There is a surge of Arctic air moving out of northwestern Canada, and chances are this cA regime will affect most of the USA next week into the first few days of November. I stress that word “transient”, because the cold will not last more than three or four days, and likely will not involve the Southwest at all. Also I must suggest that the way this cold spell plays out will not resemble what the upcoming winter season looks to be like.
I spent all of the past weekend finishing the WEATHERAmerica Winter Season (DJFM) forecast, finally sending out the discussion and graphics last night. Using the analogs based on recent observed trends in actual weather (not indices….), a 500MB pattern emerged that bears no similarity to the currently evolving upper atmospheric flow. Namely, the ridge amplification in the -EPO position, which will break down as energy undercuts the positive height anomaly and heads into Mexico. If you review the low sun period projections, an increasingly strong -AO/-NAO signature takes shape.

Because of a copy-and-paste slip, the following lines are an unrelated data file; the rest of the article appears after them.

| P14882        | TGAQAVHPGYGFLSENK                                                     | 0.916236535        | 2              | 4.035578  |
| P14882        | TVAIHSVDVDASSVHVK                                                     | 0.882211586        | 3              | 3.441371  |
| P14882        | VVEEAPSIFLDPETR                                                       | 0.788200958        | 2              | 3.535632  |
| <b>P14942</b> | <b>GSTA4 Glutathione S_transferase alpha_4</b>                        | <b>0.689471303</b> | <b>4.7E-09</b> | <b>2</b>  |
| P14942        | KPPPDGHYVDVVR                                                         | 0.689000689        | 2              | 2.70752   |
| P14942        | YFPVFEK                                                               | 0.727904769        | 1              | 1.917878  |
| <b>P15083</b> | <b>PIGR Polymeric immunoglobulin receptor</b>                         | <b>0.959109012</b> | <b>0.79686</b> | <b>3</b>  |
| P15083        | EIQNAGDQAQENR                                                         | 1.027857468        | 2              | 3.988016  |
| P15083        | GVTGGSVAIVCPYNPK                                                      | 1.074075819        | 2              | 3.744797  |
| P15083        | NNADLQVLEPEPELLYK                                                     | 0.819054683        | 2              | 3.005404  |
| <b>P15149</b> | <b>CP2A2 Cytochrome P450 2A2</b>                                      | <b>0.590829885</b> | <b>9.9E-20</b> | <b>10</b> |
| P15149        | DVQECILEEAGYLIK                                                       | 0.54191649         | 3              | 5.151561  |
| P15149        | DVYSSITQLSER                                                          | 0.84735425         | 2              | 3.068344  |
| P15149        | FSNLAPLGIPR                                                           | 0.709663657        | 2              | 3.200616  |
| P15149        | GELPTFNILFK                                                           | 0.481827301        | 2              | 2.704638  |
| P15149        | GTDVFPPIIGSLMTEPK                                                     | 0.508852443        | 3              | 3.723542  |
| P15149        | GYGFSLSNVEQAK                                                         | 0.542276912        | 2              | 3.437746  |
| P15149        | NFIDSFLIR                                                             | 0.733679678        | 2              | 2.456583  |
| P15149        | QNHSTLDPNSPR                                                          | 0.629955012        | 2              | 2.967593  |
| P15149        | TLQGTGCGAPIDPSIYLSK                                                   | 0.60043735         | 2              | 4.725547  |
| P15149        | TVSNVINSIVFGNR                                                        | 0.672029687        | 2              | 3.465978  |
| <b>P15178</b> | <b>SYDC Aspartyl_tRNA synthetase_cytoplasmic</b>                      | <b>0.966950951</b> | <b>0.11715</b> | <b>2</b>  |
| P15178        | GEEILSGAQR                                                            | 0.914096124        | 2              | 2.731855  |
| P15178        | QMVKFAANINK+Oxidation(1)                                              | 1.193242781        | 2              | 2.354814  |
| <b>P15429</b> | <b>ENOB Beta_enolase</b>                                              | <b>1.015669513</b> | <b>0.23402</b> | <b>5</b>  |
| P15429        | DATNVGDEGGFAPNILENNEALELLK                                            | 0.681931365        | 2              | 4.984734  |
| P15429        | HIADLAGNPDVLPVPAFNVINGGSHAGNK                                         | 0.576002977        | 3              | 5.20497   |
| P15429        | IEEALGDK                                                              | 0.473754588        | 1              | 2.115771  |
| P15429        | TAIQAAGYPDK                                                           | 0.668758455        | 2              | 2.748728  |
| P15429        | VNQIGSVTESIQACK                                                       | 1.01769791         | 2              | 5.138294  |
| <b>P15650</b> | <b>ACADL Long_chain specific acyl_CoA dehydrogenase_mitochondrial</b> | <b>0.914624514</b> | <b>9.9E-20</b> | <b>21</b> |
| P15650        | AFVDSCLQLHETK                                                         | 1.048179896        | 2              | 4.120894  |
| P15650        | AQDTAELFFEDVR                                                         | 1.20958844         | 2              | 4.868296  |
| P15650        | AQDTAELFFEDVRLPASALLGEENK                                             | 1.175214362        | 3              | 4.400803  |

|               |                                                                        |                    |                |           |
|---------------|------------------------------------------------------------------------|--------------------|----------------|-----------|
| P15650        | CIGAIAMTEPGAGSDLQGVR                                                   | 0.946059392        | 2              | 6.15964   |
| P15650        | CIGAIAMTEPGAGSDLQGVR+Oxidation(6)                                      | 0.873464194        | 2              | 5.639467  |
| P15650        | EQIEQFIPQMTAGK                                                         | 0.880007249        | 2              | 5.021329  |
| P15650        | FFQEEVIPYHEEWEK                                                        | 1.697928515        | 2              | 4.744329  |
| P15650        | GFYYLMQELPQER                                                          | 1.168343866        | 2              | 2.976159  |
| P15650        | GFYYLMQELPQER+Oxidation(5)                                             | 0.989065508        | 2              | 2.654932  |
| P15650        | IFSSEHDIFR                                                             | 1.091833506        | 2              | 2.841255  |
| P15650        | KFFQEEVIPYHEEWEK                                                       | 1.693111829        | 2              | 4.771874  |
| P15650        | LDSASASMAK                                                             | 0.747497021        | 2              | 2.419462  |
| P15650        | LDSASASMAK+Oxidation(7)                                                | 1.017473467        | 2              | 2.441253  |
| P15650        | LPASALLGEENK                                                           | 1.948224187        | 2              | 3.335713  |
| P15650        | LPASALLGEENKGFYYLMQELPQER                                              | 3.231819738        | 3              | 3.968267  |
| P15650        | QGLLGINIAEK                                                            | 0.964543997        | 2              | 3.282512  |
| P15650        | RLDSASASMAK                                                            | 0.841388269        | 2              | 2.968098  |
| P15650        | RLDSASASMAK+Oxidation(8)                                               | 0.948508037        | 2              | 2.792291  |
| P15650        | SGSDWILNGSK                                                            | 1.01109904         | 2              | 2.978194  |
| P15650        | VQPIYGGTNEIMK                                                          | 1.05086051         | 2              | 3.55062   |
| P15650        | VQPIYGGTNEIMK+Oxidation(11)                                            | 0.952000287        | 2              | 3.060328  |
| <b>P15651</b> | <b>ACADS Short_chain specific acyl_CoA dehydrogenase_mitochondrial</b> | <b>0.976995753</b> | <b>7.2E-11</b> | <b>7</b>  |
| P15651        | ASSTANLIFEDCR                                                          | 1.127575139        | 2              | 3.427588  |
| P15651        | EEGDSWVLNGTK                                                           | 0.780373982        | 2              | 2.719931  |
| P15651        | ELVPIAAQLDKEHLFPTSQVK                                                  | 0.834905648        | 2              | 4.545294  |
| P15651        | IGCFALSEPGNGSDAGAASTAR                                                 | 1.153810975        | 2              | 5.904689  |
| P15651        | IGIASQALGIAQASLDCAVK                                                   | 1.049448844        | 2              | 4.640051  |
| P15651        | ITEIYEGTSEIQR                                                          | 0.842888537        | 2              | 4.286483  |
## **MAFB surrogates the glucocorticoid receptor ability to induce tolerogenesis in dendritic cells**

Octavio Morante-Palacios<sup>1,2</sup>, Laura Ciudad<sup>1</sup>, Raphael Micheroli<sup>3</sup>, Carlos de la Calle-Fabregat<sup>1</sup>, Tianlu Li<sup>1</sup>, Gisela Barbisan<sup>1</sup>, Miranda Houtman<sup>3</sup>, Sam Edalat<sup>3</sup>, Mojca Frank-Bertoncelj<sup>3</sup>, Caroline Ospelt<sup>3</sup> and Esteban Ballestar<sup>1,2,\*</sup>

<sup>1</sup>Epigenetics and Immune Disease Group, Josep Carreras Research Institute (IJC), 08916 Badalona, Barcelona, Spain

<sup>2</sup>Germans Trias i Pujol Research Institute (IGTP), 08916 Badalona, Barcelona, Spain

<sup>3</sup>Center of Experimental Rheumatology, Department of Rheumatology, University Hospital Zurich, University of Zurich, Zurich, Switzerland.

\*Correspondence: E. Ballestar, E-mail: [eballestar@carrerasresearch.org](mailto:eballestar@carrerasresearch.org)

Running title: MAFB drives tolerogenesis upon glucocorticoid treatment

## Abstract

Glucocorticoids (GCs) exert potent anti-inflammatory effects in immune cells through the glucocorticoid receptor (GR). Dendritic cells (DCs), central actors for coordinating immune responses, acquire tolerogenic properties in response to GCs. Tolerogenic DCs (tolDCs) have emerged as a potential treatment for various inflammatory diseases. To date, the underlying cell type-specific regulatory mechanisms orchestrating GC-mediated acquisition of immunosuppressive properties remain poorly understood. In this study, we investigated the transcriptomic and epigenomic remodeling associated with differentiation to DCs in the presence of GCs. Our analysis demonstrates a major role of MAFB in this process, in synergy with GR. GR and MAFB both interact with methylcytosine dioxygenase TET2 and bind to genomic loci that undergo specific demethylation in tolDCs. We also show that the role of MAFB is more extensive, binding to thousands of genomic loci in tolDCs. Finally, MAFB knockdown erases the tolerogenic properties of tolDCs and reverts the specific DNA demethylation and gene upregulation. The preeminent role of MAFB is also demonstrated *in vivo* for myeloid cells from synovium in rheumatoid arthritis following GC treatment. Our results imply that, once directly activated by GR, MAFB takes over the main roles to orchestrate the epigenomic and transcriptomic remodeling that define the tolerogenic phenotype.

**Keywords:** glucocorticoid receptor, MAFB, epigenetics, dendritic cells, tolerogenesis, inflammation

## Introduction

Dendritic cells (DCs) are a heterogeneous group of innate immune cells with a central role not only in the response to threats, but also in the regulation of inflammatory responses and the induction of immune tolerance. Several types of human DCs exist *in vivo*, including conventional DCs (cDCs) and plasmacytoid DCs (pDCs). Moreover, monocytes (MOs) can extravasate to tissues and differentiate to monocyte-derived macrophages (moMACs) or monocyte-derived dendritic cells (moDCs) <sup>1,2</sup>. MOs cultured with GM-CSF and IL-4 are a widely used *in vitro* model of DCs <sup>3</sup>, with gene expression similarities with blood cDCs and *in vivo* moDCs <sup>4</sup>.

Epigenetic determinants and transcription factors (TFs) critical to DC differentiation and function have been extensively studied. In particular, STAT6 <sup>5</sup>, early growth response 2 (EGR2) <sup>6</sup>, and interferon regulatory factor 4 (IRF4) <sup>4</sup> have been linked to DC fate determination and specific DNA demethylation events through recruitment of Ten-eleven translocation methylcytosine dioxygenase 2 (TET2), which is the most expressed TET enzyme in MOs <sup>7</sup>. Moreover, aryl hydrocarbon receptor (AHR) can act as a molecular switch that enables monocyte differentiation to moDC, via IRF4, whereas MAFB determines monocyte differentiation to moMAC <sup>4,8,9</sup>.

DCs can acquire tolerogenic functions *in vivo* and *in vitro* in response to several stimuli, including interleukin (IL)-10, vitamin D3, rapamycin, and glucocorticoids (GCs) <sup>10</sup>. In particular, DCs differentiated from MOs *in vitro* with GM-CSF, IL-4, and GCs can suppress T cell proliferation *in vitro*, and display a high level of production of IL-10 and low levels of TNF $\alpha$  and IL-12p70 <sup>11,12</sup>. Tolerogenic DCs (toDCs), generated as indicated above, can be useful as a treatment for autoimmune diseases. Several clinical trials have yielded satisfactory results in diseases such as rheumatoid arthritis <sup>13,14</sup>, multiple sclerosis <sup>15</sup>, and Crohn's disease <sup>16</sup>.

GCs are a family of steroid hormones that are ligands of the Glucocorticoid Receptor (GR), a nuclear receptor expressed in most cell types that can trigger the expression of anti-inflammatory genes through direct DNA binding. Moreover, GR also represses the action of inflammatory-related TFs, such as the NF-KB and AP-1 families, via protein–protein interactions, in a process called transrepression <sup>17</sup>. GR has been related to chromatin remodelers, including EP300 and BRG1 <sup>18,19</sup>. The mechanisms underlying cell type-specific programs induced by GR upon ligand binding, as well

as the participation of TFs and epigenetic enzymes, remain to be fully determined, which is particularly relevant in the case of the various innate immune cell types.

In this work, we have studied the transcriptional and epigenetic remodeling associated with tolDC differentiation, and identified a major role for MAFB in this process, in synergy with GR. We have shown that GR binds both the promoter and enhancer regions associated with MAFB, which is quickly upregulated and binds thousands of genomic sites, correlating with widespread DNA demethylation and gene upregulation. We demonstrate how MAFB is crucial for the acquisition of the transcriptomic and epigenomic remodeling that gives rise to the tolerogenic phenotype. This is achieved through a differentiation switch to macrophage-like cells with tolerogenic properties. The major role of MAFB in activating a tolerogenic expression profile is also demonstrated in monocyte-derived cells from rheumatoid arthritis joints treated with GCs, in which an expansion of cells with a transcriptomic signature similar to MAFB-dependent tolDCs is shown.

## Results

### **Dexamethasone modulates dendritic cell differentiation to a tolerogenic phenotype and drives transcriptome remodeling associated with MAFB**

Also notice that there is a defined moisture stream into the south central states that was started by the arrival, and break-up, of what was once Hurricane Norma. I believe that Tropical Storm Otis will become a hurricane, and get drawn into this moisture fetch across central Mexico and then Texas. When the energy and higher dewpoints run into the Arctic front, severe weather is quite likely from the Rio Grande Valley into the Ozark Plateau.
Then a refreshing, but chilled, domain will make its appearance east of the Rocky Mountains. California will stay warm and dry, which is another sign that this is not your typical El Nino. More later….